(MPTP)-induced dopaminergic neurodegeneration in a gene dosage-dependent fashion. (Left panel) Stereological cell counts
of substantia nigra pars compacta (SNpc) tyrosine hydroxylase (TH)-immunorective neurons in saline- or MPTP-injected
wild-type (wt) or MCAT mice. (Right panel) Double immunofluorescence of human catalase (hCAT, green) and TH (red) in
ventral midbrain sections from MPTP-intoxicated MCAT mice. Scale barsⴝ250␮m (low magnification images) and 25␮m (high
magnification images).
duction, MCAT and WT brain mitochondria did not display significant differences in net ROS production at
basal levels (see Fig 5B, C). However, MCAT brain mitochondria exhibited a marked attenuation of MPP⫹- or
rotenone-induced ROS production, compared to WT mitochondria. In ventral midbrain sections from MCAT
mice, immunohistochemical examination revealed a punctuate expression of human catalase in SNpc dopaminergic
neurons, in agreement with its mitochondrial localization
(Fig 6). The levels of human catalase expression in these
neurons, however, markedly differed from one transgenic
animal to another. Remarkably, MCAT mice displaying
high levels of mitochondrial human catalase in SNpc dopaminergic neurons (see Fig 6, top panels) exhibited an
attenuation of dopaminergic cell death induced by toxic
doses of MPTP (30mg/kg/day for 5 consecutive days),
compared to WT animals. In contrast, MCAT mice exhibiting low levels of mitochondrial human catalase in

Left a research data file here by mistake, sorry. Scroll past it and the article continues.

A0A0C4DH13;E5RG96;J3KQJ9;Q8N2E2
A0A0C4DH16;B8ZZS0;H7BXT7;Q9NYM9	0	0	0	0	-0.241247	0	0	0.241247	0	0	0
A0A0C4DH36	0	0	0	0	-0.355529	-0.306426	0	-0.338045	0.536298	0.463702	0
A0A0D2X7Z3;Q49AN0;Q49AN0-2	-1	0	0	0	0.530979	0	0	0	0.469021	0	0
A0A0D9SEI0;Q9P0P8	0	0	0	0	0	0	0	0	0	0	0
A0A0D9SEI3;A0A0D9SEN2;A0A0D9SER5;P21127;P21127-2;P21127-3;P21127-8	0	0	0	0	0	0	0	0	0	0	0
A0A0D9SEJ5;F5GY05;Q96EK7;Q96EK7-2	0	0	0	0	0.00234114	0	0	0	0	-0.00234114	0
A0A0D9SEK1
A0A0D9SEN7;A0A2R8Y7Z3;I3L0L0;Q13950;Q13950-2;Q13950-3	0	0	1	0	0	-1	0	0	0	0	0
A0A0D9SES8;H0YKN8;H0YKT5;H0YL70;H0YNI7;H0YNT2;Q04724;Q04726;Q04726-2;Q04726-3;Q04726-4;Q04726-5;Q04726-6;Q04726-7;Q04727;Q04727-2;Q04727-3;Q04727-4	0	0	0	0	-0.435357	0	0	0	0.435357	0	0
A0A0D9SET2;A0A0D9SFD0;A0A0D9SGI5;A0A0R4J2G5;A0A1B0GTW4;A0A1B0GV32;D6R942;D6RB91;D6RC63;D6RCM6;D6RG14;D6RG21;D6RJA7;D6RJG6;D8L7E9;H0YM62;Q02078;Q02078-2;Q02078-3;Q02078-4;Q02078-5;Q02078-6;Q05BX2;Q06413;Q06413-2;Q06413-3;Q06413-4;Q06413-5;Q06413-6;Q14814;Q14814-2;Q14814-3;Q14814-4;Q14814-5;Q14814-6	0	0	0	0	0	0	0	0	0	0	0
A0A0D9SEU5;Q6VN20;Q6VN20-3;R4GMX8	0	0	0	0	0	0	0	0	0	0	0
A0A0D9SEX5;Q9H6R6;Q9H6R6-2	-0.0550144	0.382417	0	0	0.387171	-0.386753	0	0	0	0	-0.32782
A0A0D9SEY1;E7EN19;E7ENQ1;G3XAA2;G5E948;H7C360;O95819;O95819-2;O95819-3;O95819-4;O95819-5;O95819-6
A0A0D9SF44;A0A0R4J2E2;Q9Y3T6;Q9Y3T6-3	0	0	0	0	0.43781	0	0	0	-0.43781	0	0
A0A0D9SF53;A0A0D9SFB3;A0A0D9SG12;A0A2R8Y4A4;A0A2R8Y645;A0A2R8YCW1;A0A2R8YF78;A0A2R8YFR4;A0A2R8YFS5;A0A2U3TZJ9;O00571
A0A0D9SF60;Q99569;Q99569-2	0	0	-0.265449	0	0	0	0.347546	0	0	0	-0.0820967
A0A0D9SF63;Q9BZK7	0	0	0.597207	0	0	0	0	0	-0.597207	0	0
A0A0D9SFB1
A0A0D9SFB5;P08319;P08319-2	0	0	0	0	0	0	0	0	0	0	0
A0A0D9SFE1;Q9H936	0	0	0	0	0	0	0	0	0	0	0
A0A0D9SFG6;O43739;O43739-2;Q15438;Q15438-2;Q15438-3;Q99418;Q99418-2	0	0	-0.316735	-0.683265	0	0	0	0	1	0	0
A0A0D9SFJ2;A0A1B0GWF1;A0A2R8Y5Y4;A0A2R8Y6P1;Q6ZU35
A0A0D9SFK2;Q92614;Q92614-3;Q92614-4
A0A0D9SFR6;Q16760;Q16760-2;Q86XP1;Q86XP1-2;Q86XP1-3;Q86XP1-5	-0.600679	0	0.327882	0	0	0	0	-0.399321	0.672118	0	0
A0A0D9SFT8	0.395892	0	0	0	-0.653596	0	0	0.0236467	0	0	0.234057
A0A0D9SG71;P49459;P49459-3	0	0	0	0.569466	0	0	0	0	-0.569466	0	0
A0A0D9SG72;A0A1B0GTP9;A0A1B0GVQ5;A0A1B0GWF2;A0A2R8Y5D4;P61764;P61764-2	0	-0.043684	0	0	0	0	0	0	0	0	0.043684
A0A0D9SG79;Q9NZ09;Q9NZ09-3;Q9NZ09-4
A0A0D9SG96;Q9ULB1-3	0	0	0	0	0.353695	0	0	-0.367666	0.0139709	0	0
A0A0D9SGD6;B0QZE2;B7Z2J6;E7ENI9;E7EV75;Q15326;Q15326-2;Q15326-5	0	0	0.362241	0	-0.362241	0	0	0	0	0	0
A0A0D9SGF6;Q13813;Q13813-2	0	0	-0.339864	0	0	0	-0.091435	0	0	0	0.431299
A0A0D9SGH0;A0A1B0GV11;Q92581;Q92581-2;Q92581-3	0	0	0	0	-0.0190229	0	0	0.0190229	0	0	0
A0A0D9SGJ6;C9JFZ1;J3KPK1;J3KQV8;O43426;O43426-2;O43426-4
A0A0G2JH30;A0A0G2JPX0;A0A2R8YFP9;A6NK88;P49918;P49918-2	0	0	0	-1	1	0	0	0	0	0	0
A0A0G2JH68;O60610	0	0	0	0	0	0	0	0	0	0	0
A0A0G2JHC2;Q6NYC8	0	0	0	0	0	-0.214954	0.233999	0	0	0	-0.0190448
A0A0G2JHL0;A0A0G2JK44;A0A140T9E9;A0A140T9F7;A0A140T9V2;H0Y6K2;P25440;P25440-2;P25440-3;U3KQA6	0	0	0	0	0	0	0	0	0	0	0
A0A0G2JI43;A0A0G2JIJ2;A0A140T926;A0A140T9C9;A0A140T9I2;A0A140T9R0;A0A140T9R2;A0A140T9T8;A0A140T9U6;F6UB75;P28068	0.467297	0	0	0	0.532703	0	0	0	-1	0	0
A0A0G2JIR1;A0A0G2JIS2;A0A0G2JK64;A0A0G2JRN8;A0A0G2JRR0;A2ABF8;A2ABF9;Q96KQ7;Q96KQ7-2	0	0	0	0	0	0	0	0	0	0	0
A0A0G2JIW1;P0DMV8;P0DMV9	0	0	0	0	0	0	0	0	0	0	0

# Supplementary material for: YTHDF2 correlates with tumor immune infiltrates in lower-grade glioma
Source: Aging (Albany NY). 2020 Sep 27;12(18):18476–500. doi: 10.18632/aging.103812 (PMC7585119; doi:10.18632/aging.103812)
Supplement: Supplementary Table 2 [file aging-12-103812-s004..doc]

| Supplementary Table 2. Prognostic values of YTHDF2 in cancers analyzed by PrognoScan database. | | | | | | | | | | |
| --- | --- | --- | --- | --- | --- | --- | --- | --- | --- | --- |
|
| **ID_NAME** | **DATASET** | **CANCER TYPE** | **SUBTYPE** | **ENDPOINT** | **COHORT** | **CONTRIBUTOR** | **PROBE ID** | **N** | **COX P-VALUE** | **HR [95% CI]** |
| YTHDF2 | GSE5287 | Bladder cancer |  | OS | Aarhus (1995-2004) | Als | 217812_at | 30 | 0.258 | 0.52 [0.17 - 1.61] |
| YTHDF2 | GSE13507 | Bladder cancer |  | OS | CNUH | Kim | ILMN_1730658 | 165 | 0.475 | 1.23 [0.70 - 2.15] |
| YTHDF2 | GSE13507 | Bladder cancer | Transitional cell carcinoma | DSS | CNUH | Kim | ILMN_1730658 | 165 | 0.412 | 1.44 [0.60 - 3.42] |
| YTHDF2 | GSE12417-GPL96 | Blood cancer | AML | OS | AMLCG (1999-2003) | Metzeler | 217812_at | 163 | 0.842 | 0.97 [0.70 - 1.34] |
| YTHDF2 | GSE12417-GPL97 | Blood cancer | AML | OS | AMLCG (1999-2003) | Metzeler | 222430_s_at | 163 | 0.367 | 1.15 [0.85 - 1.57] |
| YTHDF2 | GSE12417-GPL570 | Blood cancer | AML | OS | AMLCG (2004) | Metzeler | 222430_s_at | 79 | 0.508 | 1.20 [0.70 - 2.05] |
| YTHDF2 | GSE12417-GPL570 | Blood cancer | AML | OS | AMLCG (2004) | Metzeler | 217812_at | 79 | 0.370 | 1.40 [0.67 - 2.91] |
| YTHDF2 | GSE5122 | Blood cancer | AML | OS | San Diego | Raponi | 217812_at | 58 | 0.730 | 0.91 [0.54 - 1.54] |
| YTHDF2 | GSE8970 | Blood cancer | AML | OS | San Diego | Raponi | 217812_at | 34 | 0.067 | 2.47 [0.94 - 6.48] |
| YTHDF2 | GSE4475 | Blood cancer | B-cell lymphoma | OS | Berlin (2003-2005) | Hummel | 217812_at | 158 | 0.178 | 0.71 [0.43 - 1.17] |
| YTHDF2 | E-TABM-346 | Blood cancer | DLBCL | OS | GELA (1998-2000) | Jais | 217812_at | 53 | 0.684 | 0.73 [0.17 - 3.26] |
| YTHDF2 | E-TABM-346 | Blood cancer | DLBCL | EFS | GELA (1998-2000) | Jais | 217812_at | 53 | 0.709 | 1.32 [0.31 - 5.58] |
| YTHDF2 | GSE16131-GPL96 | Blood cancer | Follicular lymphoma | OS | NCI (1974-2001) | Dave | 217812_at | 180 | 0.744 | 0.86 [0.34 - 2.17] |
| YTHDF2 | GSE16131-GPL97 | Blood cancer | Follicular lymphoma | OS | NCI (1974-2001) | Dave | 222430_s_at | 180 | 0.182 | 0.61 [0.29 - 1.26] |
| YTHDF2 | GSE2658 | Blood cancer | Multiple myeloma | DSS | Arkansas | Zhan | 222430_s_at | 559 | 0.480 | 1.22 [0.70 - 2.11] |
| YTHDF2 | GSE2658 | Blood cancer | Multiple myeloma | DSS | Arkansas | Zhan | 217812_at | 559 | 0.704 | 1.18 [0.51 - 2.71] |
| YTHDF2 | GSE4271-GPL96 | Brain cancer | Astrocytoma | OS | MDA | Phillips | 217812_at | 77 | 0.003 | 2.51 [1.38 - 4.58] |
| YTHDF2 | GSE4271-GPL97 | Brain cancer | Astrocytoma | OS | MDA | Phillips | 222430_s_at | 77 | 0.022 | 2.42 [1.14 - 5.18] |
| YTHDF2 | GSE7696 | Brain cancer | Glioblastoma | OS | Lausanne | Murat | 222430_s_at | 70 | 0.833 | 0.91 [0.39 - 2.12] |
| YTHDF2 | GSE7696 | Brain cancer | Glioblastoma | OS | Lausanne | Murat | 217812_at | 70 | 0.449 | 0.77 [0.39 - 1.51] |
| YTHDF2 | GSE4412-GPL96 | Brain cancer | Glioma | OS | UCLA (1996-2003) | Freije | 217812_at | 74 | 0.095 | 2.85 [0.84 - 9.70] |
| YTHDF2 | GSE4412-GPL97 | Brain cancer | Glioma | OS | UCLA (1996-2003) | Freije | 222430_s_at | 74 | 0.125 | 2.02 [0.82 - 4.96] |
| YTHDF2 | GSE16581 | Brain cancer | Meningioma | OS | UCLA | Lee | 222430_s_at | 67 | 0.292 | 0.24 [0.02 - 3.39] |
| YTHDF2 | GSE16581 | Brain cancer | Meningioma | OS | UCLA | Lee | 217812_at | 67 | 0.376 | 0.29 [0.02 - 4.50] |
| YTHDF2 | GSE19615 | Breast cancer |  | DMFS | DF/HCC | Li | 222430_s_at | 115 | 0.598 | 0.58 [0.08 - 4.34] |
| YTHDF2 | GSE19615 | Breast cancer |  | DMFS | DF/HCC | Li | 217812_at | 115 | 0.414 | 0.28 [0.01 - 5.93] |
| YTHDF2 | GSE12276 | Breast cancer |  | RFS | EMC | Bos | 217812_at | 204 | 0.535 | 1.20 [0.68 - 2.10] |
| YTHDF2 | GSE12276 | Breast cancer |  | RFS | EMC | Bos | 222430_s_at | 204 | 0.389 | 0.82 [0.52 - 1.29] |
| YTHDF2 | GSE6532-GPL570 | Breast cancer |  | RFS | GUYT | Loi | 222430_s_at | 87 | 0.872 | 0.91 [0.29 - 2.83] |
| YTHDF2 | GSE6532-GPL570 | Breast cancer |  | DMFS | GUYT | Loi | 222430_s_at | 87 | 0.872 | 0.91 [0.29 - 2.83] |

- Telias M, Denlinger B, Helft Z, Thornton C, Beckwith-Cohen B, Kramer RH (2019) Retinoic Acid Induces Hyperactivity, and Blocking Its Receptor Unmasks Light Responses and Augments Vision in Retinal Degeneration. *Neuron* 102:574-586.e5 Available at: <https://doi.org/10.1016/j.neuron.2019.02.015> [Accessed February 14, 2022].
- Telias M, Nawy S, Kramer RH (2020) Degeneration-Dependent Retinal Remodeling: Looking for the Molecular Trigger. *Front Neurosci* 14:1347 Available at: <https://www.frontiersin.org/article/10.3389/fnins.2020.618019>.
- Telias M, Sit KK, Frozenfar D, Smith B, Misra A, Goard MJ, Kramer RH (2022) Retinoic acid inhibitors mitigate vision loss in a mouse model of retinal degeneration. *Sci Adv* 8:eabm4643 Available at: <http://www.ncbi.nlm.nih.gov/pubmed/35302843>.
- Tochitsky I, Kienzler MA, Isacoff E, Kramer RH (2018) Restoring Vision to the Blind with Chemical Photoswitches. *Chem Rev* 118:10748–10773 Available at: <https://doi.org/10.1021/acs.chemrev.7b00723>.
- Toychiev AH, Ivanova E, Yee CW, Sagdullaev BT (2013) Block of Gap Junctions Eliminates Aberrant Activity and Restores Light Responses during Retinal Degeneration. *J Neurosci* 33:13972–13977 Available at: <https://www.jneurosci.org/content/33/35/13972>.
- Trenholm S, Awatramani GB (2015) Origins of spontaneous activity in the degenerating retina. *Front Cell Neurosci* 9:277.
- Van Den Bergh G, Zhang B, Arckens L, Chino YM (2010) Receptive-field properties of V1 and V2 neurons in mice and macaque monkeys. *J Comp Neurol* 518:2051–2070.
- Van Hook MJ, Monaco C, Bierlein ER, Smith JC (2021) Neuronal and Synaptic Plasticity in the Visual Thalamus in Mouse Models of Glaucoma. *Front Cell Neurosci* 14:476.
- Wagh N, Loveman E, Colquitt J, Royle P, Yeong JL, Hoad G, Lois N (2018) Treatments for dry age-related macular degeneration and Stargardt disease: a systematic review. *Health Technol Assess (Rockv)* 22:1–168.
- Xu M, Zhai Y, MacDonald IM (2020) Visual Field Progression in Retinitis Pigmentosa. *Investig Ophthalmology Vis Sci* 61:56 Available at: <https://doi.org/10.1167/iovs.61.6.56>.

SNpc dopaminergic neurons (see Fig 6, low panels) were
not protected against MPTP-induced dopaminergic neurodegeneration. These results indicate that ectopic expression of catalase into mitochondria is able to protect SNpc
dopaminergic neurons, in a gene dosage-dependent manner, against PD-related complex I inhibition, thus supporting a pivotal role for mitochondria-derived ROS in
PD-related dopaminergic neurodegeneration.
Discussion
Here we show that complex I structural alterations linked
to mitochondrial AIF deficiency do not trigger dopaminergic neurodegeneration but sensitize dopaminergic neuAugust, 2010
rons to parkinsonian mitochondrial neurotoxins through
ROS-mediated toxicity. Mitochondrially-derived ROS, in
particular, appear as pivotal in setting the threshold for
mitochondria-dependent dopaminergic neuron cell death.
It is now well established that AIF deficiency results
in reduced levels of mitochondrial complex I, either in
Hq mice with partial AIF defects,6,16,17,26 mice with a
complete knockout of AIF,8,13,14,27 or AIF-silenced
cells.7,9 In mutant mice with a complete ablation of AIF,